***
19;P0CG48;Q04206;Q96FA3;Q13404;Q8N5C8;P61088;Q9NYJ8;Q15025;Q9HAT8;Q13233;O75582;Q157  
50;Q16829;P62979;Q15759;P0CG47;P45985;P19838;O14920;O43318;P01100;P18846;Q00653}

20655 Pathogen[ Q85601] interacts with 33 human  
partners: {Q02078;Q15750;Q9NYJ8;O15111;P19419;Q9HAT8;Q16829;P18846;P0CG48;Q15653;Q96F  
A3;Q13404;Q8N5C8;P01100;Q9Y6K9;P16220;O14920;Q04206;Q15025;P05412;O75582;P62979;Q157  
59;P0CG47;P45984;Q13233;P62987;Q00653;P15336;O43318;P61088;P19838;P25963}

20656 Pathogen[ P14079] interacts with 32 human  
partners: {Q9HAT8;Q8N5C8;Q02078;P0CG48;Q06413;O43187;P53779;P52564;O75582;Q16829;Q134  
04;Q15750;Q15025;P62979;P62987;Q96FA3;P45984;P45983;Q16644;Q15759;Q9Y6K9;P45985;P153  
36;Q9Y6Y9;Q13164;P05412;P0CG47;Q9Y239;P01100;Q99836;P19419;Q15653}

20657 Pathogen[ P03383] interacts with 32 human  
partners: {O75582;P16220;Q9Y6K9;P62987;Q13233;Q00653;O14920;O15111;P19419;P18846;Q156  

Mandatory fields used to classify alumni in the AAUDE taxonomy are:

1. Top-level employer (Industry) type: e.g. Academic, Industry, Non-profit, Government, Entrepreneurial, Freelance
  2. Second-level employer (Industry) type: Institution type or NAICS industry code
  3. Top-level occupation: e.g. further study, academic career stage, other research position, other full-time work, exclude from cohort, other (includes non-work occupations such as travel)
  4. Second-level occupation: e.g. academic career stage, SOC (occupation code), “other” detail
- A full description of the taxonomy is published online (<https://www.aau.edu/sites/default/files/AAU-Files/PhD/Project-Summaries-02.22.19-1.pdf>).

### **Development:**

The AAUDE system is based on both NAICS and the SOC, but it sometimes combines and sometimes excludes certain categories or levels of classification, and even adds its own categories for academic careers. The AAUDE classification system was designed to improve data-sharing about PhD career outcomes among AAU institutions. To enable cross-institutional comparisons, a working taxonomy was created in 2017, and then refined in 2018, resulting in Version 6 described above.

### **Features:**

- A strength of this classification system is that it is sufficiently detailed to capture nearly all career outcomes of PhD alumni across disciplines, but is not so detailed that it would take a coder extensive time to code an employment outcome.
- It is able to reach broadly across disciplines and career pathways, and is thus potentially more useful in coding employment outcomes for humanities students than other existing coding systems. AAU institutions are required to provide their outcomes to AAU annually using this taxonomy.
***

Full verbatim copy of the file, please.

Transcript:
19;P0CG48;Q04206;Q96FA3;Q13404;Q8N5C8;P61088;Q9NYJ8;Q15025;Q9HAT8;Q13233;O75582;Q157  
50;Q16829;P62979;Q15759;P0CG47;P45985;P19838;O14920;O43318;P01100;P18846;Q00653}

20655 Pathogen[ Q85601] interacts with 33 human  
partners: {Q02078;Q15750;Q9NYJ8;O15111;P19419;Q9HAT8;Q16829;P18846;P0CG48;Q15653;Q96F  
A3;Q13404;Q8N5C8;P01100;Q9Y6K9;P16220;O14920;Q04206;Q15025;P05412;O75582;P62979;Q157  
59;P0CG47;P45984;Q13233;P62987;Q00653;P15336;O43318;P61088;P19838;P25963}

20656 Pathogen[ P14079] interacts with 32 human  
partners: {Q9HAT8;Q8N5C8;Q02078;P0CG48;Q06413;O43187;P53779;P52564;O75582;Q16829;Q134  
04;Q15750;Q15025;P62979;P62987;Q96FA3;P45984;P45983;Q16644;Q15759;Q9Y6K9;P45985;P153  
36;Q9Y6Y9;Q13164;P05412;P0CG47;Q9Y239;P01100;Q99836;P19419;Q15653}

20657 Pathogen[ P03383] interacts with 32 human  
partners: {O75582;P16220;Q9Y6K9;P62987;Q13233;Q00653;O14920;O15111;P19419;P18846;Q156  

Mandatory fields used to classify alumni in the AAUDE taxonomy are:

1. Top-level employer (Industry) type: e.g. Academic, Industry, Non-profit, Government, Entrepreneurial, Freelance
  2. Second-level employer (Industry) type: Institution type or NAICS industry code
  3. Top-level occupation: e.g. further study, academic career stage, other research position, other full-time work, exclude from cohort, other (includes non-work occupations such as travel)
  4. Second-level occupation: e.g. academic career stage, SOC (occupation code), “other” detail
- A full description of the taxonomy is published online (<https://www.aau.edu/sites/default/files/AAU-Files/PhD/Project-Summaries-02.22.19-1.pdf>).

### **Development:**

The AAUDE system is based on both NAICS and the SOC, but it sometimes combines and sometimes excludes certain categories or levels of classification, and even adds its own categories for academic careers. The AAUDE classification system was designed to improve data-sharing about PhD career outcomes among AAU institutions. To enable cross-institutional comparisons, a working taxonomy was created in 2017, and then refined in 2018, resulting in Version 6 described above.

### **Features:**

- A strength of this classification system is that it is sufficiently detailed to capture nearly all career outcomes of PhD alumni across disciplines, but is not so detailed that it would take a coder extensive time to code an employment outcome.
- It is able to reach broadly across disciplines and career pathways, and is thus potentially more useful in coding employment outcomes for humanities students than other existing coding systems. AAU institutions are required to provide their outcomes to AAU annually using this taxonomy.